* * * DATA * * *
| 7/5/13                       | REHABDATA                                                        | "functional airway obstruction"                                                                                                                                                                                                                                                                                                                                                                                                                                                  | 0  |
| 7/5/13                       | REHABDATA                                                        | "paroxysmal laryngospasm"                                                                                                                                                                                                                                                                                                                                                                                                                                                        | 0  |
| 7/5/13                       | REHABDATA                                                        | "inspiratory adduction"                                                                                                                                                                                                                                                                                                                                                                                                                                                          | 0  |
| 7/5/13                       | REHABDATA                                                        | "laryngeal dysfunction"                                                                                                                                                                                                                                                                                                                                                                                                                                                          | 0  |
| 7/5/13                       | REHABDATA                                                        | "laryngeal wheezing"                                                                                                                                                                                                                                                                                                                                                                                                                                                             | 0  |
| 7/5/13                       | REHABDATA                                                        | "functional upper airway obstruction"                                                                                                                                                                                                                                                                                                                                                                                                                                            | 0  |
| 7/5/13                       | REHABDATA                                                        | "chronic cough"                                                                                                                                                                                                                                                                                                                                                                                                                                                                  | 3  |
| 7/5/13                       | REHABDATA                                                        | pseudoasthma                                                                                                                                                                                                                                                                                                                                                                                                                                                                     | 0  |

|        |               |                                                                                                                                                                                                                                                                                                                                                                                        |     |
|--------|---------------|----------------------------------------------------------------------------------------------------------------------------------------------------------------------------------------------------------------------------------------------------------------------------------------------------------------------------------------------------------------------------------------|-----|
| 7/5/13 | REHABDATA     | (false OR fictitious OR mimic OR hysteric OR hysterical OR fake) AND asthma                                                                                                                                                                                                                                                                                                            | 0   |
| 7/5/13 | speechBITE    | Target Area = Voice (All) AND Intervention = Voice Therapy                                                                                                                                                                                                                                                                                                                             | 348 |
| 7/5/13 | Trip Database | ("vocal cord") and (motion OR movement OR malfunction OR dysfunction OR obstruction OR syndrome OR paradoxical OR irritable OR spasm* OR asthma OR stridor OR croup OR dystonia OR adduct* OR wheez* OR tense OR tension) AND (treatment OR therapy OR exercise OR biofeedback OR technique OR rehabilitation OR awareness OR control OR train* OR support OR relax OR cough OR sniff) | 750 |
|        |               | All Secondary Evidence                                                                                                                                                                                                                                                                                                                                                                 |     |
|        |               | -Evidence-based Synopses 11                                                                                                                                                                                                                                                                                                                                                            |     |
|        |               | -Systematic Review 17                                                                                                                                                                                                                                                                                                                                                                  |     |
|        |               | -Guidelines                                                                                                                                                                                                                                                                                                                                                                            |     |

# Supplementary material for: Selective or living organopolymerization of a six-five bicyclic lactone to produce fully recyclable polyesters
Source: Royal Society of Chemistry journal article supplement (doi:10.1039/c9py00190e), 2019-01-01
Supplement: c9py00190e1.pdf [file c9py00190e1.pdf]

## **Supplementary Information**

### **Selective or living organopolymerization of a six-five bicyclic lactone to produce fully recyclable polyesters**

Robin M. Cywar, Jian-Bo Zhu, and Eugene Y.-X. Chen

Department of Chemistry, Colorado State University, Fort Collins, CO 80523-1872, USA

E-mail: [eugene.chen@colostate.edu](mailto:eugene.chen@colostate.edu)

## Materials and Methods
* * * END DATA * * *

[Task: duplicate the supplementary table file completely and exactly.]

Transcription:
| 7/5/13                       | REHABDATA                                                        | "functional airway obstruction"                                                                                                                                                                                                                                                                                                                                                                                                                                                  | 0  |
| 7/5/13                       | REHABDATA                                                        | "paroxysmal laryngospasm"                                                                                                                                                                                                                                                                                                                                                                                                                                                        | 0  |
| 7/5/13                       | REHABDATA                                                        | "inspiratory adduction"                                                                                                                                                                                                                                                                                                                                                                                                                                                          | 0  |
| 7/5/13                       | REHABDATA                                                        | "laryngeal dysfunction"                                                                                                                                                                                                                                                                                                                                                                                                                                                          | 0  |
| 7/5/13                       | REHABDATA                                                        | "laryngeal wheezing"                                                                                                                                                                                                                                                                                                                                                                                                                                                             | 0  |
| 7/5/13                       | REHABDATA                                                        | "functional upper airway obstruction"                                                                                                                                                                                                                                                                                                                                                                                                                                            | 0  |
| 7/5/13                       | REHABDATA                                                        | "chronic cough"                                                                                                                                                                                                                                                                                                                                                                                                                                                                  | 3  |
| 7/5/13                       | REHABDATA                                                        | pseudoasthma                                                                                                                                                                                                                                                                                                                                                                                                                                                                     | 0  |

|        |               |                                                                                                                                                                                                                                                                                                                                                                                        |     |
|--------|---------------|----------------------------------------------------------------------------------------------------------------------------------------------------------------------------------------------------------------------------------------------------------------------------------------------------------------------------------------------------------------------------------------|-----|
| 7/5/13 | REHABDATA     | (false OR fictitious OR mimic OR hysteric OR hysterical OR fake) AND asthma                                                                                                                                                                                                                                                                                                            | 0   |
| 7/5/13 | speechBITE    | Target Area = Voice (All) AND Intervention = Voice Therapy                                                                                                                                                                                                                                                                                                                             | 348 |
| 7/5/13 | Trip Database | ("vocal cord") and (motion OR movement OR malfunction OR dysfunction OR obstruction OR syndrome OR paradoxical OR irritable OR spasm* OR asthma OR stridor OR croup OR dystonia OR adduct* OR wheez* OR tense OR tension) AND (treatment OR therapy OR exercise OR biofeedback OR technique OR rehabilitation OR awareness OR control OR train* OR support OR relax OR cough OR sniff) | 750 |
|        |               | All Secondary Evidence                                                                                                                                                                                                                                                                                                                                                                 |     |
|        |               | -Evidence-based Synopses 11                                                                                                                                                                                                                                                                                                                                                            |     |
|        |               | -Systematic Review 17                                                                                                                                                                                                                                                                                                                                                                  |     |
|        |               | -Guidelines                                                                                                                                                                                                                                                                                                                                                                            |     |

# Supplementary material for: Selective or living organopolymerization of a six-five bicyclic lactone to produce fully recyclable polyesters
Source: Royal Society of Chemistry journal article supplement (doi:10.1039/c9py00190e), 2019-01-01
Supplement: c9py00190e1.pdf [file c9py00190e1.pdf]

## **Supplementary Information**

### **Selective or living organopolymerization of a six-five bicyclic lactone to produce fully recyclable polyesters**

Robin M. Cywar, Jian-Bo Zhu, and Eugene Y.-X. Chen

Department of Chemistry, Colorado State University, Fort Collins, CO 80523-1872, USA

E-mail: [eugene.chen@colostate.edu](mailto:eugene.chen@colostate.edu)

## Materials and Methods